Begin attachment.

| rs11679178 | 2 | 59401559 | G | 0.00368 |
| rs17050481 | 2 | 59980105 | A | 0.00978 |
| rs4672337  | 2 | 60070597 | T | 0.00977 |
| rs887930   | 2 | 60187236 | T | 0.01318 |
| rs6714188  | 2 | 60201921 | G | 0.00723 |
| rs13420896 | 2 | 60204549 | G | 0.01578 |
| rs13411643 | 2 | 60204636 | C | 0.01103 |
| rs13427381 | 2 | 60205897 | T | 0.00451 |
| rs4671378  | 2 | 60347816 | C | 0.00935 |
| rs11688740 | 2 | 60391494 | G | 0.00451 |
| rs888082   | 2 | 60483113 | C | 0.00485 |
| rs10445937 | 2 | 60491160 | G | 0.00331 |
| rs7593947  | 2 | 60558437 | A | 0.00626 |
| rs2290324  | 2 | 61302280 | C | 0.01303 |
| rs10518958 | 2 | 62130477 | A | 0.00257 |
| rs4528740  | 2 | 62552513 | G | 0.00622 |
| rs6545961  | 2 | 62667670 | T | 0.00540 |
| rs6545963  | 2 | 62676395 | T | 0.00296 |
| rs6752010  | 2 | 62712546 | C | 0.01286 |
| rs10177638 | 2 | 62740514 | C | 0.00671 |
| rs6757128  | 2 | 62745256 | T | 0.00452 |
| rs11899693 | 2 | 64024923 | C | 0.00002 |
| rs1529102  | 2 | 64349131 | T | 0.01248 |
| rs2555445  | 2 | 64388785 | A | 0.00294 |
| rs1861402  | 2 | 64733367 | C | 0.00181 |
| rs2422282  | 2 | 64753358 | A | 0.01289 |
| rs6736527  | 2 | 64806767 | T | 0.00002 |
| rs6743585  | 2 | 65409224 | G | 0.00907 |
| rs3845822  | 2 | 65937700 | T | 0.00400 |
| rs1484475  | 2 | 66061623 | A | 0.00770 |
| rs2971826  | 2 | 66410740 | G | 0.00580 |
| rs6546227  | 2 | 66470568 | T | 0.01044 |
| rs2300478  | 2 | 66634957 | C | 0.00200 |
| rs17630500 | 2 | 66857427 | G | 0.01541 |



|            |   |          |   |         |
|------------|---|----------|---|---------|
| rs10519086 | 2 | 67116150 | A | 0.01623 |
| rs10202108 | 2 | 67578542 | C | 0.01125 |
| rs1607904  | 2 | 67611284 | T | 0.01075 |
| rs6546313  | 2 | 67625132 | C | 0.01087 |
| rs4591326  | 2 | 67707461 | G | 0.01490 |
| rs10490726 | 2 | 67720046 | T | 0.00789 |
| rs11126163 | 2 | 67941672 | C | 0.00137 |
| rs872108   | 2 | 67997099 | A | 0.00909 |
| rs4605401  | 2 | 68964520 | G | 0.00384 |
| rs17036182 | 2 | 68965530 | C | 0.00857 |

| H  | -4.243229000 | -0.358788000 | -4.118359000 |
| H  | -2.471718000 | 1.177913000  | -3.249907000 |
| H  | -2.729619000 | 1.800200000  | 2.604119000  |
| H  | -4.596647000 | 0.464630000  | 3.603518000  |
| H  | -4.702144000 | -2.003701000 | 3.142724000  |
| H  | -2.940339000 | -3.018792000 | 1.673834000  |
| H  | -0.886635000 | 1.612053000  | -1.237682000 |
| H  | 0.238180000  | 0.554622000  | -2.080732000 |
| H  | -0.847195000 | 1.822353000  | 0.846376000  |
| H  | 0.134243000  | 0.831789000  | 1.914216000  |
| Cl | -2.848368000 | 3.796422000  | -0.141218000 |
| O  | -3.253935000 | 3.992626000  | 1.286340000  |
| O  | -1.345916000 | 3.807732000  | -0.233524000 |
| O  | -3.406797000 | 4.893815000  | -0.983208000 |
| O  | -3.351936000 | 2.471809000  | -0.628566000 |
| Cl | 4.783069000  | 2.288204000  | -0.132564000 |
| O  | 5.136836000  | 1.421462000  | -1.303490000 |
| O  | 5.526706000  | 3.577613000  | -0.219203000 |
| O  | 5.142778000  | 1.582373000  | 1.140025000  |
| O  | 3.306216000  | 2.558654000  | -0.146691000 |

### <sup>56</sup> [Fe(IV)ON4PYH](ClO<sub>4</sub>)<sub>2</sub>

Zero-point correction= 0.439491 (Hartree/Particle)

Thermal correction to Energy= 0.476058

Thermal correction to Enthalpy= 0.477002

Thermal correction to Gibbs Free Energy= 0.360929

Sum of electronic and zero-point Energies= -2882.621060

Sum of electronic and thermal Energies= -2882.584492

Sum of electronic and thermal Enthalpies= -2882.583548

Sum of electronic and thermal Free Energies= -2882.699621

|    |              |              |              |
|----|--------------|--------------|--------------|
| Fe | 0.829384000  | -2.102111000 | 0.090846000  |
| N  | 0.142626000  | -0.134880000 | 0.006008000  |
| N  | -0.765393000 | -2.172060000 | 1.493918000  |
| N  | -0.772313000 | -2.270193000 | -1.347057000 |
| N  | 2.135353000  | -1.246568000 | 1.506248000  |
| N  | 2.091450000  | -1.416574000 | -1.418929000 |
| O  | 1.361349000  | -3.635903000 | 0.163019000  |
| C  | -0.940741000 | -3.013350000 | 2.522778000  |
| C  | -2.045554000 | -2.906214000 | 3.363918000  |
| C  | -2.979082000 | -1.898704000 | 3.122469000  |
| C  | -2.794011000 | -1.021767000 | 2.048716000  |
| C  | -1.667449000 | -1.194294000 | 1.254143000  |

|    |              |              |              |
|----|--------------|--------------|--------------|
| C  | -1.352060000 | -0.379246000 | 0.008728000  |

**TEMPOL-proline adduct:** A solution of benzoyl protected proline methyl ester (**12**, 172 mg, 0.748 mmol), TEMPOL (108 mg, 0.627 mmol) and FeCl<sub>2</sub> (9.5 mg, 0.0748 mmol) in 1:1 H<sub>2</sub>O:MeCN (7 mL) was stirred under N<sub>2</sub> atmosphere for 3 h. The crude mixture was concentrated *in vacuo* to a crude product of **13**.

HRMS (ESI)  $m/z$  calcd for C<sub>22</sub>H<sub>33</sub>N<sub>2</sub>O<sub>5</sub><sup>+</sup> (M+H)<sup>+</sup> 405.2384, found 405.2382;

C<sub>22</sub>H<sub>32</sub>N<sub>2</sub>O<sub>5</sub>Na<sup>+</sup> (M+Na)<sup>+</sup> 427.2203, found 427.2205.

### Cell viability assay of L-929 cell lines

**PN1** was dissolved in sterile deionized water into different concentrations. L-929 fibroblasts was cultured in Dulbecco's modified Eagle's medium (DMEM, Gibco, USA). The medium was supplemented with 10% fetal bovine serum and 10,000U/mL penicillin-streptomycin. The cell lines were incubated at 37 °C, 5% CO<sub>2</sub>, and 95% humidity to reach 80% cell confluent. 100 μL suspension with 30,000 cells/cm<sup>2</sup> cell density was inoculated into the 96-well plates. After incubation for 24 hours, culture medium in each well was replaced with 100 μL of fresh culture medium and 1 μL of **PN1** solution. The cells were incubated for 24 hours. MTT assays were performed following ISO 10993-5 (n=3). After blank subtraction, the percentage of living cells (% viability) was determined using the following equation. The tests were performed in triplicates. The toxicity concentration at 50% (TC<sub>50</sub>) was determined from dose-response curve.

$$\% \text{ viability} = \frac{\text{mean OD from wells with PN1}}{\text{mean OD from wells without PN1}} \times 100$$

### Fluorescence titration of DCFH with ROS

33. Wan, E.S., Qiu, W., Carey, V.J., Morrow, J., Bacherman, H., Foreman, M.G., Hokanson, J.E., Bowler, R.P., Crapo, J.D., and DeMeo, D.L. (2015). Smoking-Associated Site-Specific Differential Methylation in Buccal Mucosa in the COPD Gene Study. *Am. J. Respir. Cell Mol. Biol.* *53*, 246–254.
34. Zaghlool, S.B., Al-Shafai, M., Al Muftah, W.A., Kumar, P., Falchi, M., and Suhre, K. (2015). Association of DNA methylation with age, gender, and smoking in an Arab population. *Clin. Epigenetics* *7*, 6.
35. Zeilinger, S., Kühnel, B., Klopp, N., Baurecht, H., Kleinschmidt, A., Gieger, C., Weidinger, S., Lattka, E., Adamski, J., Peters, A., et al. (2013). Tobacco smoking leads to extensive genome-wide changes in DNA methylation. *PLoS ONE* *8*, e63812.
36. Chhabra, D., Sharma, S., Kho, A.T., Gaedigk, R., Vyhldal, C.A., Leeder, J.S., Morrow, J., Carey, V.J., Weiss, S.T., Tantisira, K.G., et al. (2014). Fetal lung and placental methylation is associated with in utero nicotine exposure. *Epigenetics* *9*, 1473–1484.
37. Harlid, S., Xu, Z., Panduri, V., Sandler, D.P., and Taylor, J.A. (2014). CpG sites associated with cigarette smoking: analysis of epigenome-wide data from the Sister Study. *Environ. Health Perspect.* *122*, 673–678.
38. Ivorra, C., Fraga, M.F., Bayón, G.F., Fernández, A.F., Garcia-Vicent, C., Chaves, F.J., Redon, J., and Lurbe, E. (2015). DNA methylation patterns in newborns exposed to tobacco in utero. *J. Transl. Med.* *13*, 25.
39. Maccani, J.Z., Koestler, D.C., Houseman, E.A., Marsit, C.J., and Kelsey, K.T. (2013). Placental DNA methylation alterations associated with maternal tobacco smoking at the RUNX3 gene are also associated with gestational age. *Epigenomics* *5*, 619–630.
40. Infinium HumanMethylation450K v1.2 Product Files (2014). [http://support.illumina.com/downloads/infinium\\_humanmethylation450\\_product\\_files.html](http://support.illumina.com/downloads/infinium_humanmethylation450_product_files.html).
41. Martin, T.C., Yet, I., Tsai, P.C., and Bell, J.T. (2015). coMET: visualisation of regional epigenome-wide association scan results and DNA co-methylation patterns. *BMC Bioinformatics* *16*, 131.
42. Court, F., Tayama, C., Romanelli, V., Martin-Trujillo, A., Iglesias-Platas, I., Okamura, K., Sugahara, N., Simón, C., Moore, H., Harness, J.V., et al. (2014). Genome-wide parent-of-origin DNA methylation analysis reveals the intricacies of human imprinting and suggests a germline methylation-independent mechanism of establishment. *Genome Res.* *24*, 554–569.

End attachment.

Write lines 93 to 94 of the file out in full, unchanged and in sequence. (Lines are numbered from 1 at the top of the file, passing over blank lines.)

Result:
**TEMPOL-proline adduct:** A solution of benzoyl protected proline methyl ester (**12**, 172 mg, 0.748 mmol), TEMPOL (108 mg, 0.627 mmol) and FeCl<sub>2</sub> (9.5 mg, 0.0748 mmol) in 1:1 H<sub>2</sub>O:MeCN (7 mL) was stirred under N<sub>2</sub> atmosphere for 3 h. The crude mixture was concentrated *in vacuo* to a crude product of **13**.

HRMS (ESI)  $m/z$  calcd for C<sub>22</sub>H<sub>33</sub>N<sub>2</sub>O<sub>5</sub><sup>+</sup> (M+H)<sup>+</sup> 405.2384, found 405.2382;